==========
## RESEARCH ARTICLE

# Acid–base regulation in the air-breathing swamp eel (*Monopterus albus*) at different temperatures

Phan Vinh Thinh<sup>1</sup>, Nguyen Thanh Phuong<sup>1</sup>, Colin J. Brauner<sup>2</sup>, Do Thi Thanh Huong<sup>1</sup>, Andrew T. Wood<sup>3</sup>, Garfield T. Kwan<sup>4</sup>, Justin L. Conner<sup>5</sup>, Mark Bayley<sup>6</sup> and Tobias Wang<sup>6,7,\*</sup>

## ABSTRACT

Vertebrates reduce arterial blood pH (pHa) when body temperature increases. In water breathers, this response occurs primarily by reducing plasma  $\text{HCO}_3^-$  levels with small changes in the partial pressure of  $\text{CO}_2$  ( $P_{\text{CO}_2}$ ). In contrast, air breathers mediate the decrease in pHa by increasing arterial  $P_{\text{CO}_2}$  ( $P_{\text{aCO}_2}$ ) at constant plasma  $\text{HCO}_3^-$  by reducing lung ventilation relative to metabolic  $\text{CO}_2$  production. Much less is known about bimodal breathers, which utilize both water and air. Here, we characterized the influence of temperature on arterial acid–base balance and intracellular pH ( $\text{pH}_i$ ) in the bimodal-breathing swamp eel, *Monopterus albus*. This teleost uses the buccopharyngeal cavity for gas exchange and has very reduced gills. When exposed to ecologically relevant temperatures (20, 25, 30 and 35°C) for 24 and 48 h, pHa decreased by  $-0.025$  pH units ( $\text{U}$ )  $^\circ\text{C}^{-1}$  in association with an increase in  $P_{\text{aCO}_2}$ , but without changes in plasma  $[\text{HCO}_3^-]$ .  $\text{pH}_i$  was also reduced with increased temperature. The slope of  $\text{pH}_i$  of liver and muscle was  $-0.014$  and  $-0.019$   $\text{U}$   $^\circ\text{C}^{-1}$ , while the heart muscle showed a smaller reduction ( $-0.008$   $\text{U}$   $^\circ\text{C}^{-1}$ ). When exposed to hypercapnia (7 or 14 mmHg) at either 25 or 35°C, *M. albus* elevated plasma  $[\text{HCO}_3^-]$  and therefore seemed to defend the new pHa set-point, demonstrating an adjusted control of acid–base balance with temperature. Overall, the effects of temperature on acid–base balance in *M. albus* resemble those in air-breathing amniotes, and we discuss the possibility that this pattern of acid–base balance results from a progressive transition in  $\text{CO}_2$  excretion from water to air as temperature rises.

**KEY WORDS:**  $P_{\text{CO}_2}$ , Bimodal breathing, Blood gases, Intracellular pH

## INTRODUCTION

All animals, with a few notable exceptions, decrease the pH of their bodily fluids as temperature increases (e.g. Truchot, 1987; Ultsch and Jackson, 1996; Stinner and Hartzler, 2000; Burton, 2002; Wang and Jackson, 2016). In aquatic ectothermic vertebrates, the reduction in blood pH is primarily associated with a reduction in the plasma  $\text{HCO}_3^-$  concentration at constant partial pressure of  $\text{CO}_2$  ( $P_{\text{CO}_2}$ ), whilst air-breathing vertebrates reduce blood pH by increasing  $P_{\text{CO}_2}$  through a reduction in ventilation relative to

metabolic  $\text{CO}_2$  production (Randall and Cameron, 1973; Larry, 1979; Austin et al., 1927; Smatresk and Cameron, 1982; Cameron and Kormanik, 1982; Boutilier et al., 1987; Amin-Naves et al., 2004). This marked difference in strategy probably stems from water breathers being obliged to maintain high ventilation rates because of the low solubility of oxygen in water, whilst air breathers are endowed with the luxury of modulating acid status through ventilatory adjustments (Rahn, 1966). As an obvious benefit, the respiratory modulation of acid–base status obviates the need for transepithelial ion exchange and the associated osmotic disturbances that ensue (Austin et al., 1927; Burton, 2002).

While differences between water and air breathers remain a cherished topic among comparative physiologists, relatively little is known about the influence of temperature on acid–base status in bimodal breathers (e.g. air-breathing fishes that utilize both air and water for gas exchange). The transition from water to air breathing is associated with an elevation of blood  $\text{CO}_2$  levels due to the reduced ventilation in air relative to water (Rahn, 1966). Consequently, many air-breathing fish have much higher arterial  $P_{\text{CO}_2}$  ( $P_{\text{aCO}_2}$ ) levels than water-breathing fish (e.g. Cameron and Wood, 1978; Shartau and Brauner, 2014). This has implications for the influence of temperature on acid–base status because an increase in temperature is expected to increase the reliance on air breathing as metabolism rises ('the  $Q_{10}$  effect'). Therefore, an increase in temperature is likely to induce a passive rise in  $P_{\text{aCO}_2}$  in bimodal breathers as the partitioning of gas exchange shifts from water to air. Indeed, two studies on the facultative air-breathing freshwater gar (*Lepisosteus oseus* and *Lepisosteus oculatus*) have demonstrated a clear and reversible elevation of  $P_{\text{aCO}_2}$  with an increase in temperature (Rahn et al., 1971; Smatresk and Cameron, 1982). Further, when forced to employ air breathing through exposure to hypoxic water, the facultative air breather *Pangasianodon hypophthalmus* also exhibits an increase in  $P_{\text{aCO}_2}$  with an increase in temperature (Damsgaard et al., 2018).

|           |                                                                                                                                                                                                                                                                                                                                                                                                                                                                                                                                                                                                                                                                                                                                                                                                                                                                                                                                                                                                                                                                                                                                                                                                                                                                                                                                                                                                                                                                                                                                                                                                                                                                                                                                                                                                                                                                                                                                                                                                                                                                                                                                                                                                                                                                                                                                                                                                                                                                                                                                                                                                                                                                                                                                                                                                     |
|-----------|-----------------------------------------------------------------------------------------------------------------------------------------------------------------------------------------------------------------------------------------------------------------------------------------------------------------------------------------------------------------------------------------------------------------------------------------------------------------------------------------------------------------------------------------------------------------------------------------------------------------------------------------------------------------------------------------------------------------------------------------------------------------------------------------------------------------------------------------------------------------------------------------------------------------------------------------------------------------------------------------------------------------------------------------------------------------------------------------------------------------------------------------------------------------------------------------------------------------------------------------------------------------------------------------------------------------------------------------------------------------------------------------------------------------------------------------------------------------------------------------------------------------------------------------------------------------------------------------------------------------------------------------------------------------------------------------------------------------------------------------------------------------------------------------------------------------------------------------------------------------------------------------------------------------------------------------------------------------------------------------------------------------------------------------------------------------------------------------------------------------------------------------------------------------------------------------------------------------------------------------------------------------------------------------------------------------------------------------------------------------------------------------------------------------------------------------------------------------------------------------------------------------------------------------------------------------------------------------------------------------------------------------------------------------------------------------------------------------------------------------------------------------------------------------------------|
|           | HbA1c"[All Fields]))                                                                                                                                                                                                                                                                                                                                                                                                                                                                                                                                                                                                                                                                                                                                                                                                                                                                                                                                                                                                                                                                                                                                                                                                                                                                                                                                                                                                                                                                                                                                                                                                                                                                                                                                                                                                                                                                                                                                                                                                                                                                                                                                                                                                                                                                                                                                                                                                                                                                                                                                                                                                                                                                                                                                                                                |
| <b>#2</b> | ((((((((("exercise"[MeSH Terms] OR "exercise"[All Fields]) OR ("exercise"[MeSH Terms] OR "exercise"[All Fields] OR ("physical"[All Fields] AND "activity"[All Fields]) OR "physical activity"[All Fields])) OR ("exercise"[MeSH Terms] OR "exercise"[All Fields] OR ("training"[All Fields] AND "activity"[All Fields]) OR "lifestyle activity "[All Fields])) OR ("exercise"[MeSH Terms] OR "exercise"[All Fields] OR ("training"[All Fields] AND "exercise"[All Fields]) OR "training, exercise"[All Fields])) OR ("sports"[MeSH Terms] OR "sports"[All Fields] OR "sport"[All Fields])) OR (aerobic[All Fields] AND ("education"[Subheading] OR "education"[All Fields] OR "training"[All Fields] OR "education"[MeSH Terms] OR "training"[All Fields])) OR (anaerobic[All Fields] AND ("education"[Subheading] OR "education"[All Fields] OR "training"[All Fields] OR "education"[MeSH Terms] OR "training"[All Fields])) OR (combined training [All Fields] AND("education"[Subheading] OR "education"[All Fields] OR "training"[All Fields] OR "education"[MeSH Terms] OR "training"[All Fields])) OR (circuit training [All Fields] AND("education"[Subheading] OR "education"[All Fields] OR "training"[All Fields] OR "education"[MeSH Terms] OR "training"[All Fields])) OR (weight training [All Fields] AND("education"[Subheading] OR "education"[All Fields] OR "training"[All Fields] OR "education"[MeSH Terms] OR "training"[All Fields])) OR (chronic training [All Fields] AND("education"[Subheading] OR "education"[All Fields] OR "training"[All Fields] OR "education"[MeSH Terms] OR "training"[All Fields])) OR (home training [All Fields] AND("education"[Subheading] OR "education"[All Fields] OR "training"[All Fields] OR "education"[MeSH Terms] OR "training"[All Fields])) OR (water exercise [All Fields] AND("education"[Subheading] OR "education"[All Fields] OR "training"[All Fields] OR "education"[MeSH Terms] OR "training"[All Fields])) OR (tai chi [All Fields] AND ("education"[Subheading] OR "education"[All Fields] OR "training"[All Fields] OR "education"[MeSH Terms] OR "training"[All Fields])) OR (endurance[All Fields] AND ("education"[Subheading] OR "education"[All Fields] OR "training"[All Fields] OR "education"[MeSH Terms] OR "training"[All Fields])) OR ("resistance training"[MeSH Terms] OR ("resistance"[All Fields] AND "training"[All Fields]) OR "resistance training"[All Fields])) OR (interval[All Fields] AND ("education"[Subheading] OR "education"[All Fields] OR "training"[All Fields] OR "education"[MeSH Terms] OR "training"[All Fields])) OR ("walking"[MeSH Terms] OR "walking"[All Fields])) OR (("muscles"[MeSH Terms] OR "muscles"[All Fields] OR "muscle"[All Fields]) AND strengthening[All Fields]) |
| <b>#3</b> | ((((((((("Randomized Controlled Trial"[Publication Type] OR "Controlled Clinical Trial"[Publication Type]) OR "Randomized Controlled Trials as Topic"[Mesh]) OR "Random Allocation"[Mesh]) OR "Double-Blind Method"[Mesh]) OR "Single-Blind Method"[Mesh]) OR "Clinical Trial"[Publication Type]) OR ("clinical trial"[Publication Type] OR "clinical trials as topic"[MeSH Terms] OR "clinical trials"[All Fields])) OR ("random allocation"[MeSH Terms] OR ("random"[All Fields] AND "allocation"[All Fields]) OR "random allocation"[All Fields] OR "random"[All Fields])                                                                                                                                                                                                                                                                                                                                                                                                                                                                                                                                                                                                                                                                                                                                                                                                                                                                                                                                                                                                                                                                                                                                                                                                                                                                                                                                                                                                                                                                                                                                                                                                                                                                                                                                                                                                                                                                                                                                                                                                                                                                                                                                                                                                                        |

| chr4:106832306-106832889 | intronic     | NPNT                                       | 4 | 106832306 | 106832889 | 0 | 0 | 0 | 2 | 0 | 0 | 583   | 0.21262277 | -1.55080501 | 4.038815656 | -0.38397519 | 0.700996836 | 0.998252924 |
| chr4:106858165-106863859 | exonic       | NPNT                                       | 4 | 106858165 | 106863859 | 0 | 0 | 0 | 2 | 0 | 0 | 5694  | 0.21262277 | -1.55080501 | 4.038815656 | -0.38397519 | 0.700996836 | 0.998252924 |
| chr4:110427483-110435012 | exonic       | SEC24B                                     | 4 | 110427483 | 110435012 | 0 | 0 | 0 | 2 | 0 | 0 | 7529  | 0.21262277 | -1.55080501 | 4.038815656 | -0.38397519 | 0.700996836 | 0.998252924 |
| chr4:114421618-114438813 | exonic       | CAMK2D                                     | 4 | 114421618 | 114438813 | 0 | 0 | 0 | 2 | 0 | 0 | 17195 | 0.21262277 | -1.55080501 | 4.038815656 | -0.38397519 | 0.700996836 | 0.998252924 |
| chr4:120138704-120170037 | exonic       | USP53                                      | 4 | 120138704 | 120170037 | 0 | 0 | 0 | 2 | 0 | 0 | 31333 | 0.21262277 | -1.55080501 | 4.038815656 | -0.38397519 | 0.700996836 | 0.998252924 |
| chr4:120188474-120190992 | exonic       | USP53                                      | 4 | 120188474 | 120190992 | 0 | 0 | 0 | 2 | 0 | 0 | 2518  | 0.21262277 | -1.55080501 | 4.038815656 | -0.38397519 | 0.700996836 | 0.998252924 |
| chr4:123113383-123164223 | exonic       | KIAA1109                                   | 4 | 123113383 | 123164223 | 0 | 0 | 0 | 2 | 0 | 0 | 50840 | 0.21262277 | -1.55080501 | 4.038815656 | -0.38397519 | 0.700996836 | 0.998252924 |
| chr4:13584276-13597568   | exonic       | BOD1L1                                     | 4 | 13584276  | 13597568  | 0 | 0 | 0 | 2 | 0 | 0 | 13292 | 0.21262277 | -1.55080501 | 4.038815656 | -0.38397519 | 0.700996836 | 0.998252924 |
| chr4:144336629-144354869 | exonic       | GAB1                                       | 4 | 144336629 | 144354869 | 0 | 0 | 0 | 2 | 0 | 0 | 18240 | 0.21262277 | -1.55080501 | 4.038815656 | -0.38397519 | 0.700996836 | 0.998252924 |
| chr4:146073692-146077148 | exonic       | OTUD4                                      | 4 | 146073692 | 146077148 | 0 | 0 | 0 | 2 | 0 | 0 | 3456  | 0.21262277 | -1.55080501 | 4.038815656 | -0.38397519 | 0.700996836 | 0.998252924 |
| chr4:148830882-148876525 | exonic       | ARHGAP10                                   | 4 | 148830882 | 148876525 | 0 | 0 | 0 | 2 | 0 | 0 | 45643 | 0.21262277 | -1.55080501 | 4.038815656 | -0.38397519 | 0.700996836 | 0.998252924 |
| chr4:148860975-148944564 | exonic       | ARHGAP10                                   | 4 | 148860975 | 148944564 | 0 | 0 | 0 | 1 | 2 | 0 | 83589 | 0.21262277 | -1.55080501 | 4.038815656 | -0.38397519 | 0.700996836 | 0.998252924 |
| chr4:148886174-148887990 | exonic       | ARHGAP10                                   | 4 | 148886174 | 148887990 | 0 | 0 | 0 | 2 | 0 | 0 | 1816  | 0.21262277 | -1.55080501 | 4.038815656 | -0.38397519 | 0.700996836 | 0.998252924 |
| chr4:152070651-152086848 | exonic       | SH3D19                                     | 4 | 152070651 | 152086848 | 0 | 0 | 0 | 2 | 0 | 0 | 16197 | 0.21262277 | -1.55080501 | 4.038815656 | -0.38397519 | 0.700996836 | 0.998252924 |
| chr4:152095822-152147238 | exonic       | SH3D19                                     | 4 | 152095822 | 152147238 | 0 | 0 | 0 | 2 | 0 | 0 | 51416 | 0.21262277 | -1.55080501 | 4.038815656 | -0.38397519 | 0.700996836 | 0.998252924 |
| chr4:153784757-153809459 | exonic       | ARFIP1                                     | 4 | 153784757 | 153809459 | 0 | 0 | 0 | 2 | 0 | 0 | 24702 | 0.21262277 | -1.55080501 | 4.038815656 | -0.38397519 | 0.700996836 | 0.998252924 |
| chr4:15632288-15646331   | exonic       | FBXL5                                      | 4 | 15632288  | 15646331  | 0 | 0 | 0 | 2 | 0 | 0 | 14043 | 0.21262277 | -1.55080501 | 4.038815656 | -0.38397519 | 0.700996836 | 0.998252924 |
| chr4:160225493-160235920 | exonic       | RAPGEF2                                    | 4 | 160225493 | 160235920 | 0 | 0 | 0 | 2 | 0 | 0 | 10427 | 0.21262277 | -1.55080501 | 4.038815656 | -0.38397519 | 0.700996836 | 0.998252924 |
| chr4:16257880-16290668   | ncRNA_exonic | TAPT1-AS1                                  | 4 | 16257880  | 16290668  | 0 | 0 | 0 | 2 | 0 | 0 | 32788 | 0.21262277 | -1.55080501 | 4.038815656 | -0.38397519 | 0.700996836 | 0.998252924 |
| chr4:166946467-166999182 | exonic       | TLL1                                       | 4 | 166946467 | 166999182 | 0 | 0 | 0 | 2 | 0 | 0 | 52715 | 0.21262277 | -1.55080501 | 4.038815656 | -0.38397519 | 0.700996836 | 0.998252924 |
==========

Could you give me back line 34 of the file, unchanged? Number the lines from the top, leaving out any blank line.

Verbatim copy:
| chr4:16257880-16290668   | ncRNA_exonic | TAPT1-AS1                                  | 4 | 16257880  | 16290668  | 0 | 0 | 0 | 2 | 0 | 0 | 32788 | 0.21262277 | -1.55080501 | 4.038815656 | -0.38397519 | 0.700996836 | 0.998252924 |